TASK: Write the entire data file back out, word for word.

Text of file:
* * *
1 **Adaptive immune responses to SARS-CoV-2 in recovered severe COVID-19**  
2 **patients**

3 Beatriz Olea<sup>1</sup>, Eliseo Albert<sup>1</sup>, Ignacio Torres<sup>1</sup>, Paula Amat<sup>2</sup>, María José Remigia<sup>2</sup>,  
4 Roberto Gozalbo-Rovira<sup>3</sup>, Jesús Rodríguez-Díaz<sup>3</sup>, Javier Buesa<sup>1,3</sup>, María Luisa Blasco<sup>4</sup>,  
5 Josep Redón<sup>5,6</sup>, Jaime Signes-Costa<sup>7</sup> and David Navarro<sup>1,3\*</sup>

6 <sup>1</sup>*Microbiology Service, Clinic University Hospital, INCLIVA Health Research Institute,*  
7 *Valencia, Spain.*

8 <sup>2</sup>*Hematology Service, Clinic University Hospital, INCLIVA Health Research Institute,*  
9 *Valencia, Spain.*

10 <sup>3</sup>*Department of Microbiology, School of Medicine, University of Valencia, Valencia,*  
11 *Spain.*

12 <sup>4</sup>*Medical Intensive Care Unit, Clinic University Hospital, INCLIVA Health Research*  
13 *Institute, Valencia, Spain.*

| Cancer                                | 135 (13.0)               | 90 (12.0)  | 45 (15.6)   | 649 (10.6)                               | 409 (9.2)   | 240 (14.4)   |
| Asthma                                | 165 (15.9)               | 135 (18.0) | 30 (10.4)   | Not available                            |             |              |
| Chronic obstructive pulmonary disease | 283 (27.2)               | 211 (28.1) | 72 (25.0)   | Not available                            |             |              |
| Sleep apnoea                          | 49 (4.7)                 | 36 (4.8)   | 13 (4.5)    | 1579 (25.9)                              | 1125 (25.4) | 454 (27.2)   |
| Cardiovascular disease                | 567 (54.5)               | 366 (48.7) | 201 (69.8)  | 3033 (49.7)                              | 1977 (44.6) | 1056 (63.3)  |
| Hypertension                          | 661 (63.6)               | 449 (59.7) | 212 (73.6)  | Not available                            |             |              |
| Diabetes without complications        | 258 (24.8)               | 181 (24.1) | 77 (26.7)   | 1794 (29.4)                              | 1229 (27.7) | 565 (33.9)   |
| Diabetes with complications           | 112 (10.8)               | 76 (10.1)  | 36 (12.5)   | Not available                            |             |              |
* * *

1 **Adaptive immune responses to SARS-CoV-2 in recovered severe COVID-19**  
2 **patients**

3 Beatriz Olea<sup>1</sup>, Eliseo Albert<sup>1</sup>, Ignacio Torres<sup>1</sup>, Paula Amat<sup>2</sup>, María José Remigia<sup>2</sup>,  
4 Roberto Gozalbo-Rovira<sup>3</sup>, Jesús Rodríguez-Díaz<sup>3</sup>, Javier Buesa<sup>1,3</sup>, María Luisa Blasco<sup>4</sup>,  
5 Josep Redón<sup>5,6</sup>, Jaime Signes-Costa<sup>7</sup> and David Navarro<sup>1,3\*</sup>

6 <sup>1</sup>*Microbiology Service, Clinic University Hospital, INCLIVA Health Research Institute,*  
7 *Valencia, Spain.*

8 <sup>2</sup>*Hematology Service, Clinic University Hospital, INCLIVA Health Research Institute,*  
9 *Valencia, Spain.*

10 <sup>3</sup>*Department of Microbiology, School of Medicine, University of Valencia, Valencia,*  
11 *Spain.*

12 <sup>4</sup>*Medical Intensive Care Unit, Clinic University Hospital, INCLIVA Health Research*  
13 *Institute, Valencia, Spain.*

| Cancer                                | 135 (13.0)               | 90 (12.0)  | 45 (15.6)   | 649 (10.6)                               | 409 (9.2)   | 240 (14.4)   |
| Asthma                                | 165 (15.9)               | 135 (18.0) | 30 (10.4)   | Not available                            |             |              |
| Chronic obstructive pulmonary disease | 283 (27.2)               | 211 (28.1) | 72 (25.0)   | Not available                            |             |              |
| Sleep apnoea                          | 49 (4.7)                 | 36 (4.8)   | 13 (4.5)    | 1579 (25.9)                              | 1125 (25.4) | 454 (27.2)   |
| Cardiovascular disease                | 567 (54.5)               | 366 (48.7) | 201 (69.8)  | 3033 (49.7)                              | 1977 (44.6) | 1056 (63.3)  |
| Hypertension                          | 661 (63.6)               | 449 (59.7) | 212 (73.6)  | Not available                            |             |              |
| Diabetes without complications        | 258 (24.8)               | 181 (24.1) | 77 (26.7)   | 1794 (29.4)                              | 1229 (27.7) | 565 (33.9)   |
| Diabetes with complications           | 112 (10.8)               | 76 (10.1)  | 36 (12.5)   | Not available                            |             |              |